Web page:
Share This




More Health & Medicine News

Tuesday, July 22, 2014

Featured Research

from universities, journals, and other organizations


Featured Videos

from AP, Reuters, AFP, and other news services

Gilead's $1000-a-Pill Drug Could Cure Hep C in HIV-Positive People

Gilead's $1000-a-Pill Drug Could Cure Hep C in HIV-Positive People

TheStreet (July 21, 2014) — New research shows Gilead Science's drug Sovaldi helps in curing hepatitis C in those who suffer from HIV. In a medical study, the combination of Gilead's Hep C drug with anti-viral drug Ribavirin cured 76% of HIV-positive patients suffering from the most common hepatitis C strain. Hepatitis C and related complications have been a top cause of death in HIV-positive patients. Typical medication used to treat the disease, including interferon proteins, tended to react badly with HIV drugs. However, Sovaldi's %1,000-a-pill price tag could limit the number of patients able to access the treatment. TheStreet's Keris Lahiff reports from New York. Video provided by TheStreet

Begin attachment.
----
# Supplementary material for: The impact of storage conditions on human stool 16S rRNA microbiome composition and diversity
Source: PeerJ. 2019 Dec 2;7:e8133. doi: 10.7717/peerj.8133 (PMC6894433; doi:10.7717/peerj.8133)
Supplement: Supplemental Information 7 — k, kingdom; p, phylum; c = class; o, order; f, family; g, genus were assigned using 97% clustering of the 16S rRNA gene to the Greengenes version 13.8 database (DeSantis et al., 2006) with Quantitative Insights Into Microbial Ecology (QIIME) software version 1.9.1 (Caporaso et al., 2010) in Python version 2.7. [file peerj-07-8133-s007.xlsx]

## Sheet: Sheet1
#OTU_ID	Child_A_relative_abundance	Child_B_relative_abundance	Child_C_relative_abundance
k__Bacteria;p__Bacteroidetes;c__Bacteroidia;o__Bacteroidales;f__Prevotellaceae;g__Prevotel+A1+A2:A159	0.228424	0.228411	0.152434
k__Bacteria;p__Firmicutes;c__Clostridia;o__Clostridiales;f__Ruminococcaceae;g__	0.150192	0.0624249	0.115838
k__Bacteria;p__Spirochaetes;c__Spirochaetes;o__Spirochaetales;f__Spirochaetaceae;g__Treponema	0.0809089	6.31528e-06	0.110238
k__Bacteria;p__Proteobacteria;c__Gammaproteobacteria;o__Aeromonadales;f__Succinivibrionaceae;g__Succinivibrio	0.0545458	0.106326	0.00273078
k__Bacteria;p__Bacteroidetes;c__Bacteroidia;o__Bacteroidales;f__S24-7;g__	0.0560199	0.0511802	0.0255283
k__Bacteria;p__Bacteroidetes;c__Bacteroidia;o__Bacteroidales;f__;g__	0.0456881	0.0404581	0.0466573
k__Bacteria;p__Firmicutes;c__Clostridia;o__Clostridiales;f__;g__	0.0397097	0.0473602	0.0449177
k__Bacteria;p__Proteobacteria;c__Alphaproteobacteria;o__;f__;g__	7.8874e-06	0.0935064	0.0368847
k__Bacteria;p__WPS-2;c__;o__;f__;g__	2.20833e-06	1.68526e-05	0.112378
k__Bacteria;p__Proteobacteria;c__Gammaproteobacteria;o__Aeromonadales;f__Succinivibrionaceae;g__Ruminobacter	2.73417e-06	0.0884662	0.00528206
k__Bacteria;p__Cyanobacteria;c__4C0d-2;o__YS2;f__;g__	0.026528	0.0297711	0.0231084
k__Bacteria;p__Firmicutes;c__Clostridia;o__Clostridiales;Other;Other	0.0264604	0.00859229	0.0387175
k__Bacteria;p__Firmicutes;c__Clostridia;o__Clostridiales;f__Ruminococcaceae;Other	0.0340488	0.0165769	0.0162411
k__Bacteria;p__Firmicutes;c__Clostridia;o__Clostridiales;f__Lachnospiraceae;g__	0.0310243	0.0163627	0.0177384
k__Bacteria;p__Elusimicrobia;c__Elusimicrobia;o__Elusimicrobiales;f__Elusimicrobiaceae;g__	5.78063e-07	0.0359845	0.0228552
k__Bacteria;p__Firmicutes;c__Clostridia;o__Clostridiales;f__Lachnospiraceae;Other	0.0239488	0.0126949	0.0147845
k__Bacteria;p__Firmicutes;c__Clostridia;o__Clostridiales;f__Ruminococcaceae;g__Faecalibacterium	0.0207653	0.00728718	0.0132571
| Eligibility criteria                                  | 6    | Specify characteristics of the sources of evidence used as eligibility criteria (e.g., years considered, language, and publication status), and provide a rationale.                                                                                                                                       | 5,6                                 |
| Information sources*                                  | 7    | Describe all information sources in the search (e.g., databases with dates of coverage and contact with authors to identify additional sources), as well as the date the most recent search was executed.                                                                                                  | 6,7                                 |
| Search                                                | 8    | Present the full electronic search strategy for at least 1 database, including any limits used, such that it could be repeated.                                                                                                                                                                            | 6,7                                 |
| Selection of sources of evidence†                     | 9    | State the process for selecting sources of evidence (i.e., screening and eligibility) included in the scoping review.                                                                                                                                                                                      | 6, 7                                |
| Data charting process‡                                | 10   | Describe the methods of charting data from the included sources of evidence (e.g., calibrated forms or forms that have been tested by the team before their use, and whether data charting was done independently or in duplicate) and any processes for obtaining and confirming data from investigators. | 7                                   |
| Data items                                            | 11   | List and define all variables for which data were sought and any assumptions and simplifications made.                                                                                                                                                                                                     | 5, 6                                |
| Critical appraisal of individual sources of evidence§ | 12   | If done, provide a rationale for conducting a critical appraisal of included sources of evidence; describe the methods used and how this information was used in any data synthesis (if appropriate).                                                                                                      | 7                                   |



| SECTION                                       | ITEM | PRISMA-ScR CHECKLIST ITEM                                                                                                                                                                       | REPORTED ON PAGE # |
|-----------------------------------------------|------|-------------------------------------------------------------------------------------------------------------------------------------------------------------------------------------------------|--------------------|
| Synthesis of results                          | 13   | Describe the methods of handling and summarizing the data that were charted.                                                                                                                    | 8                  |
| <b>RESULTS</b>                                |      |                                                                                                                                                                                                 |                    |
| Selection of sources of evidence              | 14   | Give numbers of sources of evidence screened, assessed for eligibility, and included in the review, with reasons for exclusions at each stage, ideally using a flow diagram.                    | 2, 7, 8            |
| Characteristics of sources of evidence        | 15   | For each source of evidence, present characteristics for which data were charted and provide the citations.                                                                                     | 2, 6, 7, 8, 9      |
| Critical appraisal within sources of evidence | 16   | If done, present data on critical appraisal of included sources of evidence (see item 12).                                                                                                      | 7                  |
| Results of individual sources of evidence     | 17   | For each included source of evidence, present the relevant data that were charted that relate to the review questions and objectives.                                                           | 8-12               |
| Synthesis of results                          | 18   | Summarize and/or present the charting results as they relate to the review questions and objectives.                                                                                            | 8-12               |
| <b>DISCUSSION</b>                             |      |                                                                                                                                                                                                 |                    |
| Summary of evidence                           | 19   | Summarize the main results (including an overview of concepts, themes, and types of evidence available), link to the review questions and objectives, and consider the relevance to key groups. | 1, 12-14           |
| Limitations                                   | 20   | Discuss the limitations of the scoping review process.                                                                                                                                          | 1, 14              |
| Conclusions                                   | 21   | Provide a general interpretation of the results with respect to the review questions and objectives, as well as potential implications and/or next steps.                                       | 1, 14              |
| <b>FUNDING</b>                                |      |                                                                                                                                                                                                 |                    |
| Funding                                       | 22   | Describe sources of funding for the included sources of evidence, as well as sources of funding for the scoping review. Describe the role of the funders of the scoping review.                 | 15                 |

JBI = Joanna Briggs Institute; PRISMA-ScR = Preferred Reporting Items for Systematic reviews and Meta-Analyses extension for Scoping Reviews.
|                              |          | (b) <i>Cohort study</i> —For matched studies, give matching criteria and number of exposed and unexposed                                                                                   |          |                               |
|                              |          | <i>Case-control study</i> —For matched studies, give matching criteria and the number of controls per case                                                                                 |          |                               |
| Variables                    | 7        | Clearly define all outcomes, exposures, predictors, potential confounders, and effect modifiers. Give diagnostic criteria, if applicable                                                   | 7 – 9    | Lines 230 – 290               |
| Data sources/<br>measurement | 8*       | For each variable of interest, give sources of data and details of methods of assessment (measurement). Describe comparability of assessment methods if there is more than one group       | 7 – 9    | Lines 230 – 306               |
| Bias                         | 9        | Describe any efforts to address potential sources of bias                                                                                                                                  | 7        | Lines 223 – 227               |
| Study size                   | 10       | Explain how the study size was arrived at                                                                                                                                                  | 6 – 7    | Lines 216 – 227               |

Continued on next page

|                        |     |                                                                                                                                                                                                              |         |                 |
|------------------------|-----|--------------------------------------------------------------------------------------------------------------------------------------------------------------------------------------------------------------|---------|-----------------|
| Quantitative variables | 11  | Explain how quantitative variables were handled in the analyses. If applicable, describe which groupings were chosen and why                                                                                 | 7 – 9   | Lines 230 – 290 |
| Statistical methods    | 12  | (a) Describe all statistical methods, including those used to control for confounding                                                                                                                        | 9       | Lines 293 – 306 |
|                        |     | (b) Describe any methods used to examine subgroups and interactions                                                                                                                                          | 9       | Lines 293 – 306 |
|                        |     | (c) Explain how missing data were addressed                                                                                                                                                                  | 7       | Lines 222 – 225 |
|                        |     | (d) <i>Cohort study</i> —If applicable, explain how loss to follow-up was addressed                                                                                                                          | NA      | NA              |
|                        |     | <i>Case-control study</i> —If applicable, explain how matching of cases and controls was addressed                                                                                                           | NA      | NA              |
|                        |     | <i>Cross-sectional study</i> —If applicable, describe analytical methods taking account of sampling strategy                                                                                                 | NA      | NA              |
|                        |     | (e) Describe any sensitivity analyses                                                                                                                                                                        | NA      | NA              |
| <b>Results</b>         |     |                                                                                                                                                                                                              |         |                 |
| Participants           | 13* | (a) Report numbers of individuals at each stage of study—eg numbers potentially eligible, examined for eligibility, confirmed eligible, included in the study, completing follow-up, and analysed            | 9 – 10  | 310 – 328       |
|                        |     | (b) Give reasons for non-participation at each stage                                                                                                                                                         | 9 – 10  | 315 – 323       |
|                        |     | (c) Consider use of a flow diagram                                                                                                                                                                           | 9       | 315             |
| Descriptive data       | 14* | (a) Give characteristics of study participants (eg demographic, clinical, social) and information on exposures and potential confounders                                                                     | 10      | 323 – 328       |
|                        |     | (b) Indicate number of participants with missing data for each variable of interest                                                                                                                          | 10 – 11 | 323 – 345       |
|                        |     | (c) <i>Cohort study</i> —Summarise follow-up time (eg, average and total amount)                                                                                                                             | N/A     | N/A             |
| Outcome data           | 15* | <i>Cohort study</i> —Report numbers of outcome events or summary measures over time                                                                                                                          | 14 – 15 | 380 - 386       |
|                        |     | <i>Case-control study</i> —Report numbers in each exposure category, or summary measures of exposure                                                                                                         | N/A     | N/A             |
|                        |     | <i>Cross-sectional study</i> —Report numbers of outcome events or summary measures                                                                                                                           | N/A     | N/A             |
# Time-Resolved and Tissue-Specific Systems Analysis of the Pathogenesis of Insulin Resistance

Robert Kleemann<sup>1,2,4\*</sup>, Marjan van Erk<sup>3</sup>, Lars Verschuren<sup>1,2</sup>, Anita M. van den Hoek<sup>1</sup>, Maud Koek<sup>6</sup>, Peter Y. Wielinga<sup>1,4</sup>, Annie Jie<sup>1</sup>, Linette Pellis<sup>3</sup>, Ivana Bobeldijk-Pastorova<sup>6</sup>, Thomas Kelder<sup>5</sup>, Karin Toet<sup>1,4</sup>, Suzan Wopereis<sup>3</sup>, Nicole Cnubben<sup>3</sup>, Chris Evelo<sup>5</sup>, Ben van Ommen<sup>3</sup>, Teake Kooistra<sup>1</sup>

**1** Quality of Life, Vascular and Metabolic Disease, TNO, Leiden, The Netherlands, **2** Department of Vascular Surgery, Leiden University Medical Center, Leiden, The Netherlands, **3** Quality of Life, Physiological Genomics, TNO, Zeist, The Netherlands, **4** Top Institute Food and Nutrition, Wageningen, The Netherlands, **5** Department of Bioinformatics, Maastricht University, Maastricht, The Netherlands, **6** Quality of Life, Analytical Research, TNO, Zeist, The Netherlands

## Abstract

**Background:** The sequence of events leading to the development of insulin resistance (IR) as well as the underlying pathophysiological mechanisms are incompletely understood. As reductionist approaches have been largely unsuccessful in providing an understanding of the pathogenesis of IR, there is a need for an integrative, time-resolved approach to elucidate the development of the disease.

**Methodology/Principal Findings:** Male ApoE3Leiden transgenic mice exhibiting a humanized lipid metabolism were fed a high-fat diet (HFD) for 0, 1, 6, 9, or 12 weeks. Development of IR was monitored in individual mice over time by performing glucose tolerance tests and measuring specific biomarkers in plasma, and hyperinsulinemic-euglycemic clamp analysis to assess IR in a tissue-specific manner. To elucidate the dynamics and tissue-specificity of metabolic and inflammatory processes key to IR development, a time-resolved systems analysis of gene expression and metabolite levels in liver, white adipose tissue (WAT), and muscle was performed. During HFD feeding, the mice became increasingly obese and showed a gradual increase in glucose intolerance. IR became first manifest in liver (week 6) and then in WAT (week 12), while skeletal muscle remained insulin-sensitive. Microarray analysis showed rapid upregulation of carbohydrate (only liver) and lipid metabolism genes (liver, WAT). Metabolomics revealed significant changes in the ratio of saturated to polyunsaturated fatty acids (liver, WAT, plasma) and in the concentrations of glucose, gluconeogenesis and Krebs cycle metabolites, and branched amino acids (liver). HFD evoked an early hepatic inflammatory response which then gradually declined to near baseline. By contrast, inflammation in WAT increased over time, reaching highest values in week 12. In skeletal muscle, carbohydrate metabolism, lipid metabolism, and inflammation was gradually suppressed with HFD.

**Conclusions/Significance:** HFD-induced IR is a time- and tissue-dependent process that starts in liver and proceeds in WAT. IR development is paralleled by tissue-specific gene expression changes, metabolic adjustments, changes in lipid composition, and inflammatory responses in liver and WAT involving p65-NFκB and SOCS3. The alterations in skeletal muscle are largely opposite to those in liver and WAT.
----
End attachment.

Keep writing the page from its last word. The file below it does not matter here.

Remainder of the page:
Powered by NewsLook.com
$23.6 Billion Awarded To Widow In Smoking Lawsuit

$23.6 Billion Awarded To Widow In Smoking Lawsuit

Newsy (July 20, 2014) — Cynthia Robinson claims R.J. Reynolds Tobacco Company hid the health and addiction risks of its products, leading to the death of her husband in 1996. Video provided by Newsy
Powered by NewsLook.com
Tooth Plaque Provides Insight Into Diets Of Ancient People

Tooth Plaque Provides Insight Into Diets Of Ancient People